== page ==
To collect comparable mental map data on people’s opinion, a web application was designed in the way that it would serve as a tool for creating digital sketch maps. The application was built on Google’s native web API (application programming interface) with an increased drawing capacity made available by the Drawing Manager (the sketch mapping website is accessible here: bunmegelozes.amk.uni-obuda.hu/). The application was designed both as a website and as a mobile application, whereas voluntary respondents could use the platform without registration. To reach respondents, this survey application was distributed primarily through social media channels resulting a kind of sample bias in the sense that respondents naturally had to have online and map reading competencies. Although such motives does not necessarily affect research outcomes, we consider our survey, therefore, as a model experiment. Initially the respondents were requested to indicate their gender as—according to Doran and Burgess [3]—this fact may influence the perception of fear of crime significantly. After that, by following the instructions, the users could indicate places where they feel safe (the users could draw a simple, green-coloured polygon on the map around safe areas), and also they could indicate places where they feel fear of crime (by drawing simple, red-coloured polygons on the map). In some studies, scientists asked the respondents to mark unsafe locations as points on the map [21,27]. Others reasoned that hot spots are emerging regardless of data representation, and they also proposed that sketch maps can be aggregated to a grid of cells across the study area [40]. Numerous authors, on the other hand, suggested the use of polygons instead of point representations, as in reality fear of crime appears rather in connection with smaller or larger areas and not with discrete point locations [24,38,44,45,46]. We followed this latter approach, assuming that the aggregated view of sketch map polygons could provide a spatially more representative picture of the geography of fear of crime.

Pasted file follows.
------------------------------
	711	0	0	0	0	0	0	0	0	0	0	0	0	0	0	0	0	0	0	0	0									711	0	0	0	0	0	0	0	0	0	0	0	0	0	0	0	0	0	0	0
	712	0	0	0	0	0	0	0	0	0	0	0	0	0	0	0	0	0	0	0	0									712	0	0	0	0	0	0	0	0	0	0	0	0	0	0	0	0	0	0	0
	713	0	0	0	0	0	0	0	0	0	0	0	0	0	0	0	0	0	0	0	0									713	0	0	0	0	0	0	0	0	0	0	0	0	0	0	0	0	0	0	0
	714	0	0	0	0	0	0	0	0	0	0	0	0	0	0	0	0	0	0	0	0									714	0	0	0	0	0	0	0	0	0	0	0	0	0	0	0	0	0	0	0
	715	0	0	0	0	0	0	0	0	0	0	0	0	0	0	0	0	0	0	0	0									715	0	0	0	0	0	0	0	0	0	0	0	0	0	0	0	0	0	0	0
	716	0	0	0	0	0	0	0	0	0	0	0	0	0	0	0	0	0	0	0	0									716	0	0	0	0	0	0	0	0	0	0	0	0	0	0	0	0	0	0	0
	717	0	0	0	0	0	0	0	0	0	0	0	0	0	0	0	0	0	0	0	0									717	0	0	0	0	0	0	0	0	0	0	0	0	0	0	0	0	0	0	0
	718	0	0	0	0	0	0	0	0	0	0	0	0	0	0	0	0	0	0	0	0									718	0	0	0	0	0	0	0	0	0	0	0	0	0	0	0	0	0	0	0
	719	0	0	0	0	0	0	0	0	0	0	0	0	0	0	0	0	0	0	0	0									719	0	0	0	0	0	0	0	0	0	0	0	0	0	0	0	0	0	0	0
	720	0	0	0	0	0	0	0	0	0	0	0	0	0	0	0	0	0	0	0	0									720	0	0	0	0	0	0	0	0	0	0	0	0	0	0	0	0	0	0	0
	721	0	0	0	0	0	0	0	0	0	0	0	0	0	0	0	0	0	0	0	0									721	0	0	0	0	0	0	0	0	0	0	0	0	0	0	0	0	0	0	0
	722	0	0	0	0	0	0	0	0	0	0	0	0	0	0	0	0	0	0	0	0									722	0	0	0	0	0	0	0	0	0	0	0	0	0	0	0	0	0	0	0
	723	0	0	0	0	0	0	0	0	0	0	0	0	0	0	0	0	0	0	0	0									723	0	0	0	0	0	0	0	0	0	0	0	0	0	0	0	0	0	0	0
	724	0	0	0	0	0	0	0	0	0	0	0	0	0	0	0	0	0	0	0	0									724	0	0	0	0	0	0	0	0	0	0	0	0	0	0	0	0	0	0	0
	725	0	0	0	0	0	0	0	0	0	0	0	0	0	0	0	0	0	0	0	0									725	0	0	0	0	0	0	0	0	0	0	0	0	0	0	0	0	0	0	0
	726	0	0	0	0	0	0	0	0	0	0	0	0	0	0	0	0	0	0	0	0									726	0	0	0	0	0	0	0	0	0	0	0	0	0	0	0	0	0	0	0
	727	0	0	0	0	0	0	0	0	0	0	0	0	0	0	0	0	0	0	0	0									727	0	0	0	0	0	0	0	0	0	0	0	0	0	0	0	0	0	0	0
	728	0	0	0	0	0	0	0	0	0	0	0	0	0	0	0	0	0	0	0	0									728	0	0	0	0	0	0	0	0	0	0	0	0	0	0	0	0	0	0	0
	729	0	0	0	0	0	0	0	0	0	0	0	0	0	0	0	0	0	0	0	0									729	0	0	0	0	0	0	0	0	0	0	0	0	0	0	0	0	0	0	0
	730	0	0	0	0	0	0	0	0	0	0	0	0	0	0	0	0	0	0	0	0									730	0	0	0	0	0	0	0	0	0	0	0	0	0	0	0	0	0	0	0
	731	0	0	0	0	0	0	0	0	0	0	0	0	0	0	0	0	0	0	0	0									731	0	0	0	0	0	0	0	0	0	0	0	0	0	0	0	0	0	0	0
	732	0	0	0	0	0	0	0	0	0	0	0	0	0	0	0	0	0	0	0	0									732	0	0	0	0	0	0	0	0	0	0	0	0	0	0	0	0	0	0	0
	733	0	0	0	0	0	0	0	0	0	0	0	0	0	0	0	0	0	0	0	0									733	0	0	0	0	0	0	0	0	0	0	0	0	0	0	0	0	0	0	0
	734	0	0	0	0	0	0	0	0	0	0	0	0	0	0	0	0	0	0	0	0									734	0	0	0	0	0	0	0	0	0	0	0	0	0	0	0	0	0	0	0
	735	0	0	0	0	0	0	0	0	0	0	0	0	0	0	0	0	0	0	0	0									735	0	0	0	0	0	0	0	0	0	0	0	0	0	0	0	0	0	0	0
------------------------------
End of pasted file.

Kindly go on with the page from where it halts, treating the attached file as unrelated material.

After collecting digital sketch map data, altogether sixteen cities were possible to be investigated, from which those nine were chosen, where the number of respondents were at least 50 (reaching at least one thousandth of the local population). The original idea was to conduct this research in cities, which represent different urban size categories in Hungary, meanwhile keeping the possibility to compare them. Consequently, we selected a couple of cities both from large categories with population numbers between 100–160 thousand (Szeged, Miskolc, Nyíregyháza, Székesfehérvár), from medium categories with 40–50 thousand people (Nagykanizsa, Dunaújváros), and from small ones with 10–20 thousand residents (Keszthely, Balmazújváros, Heves). Large, medium and small-sized categories have been determined in the Hungarian context [47], from which the extreme large and unique category of Budapest was excluded, while also cities and villages with less than 10 thousand people were not represented.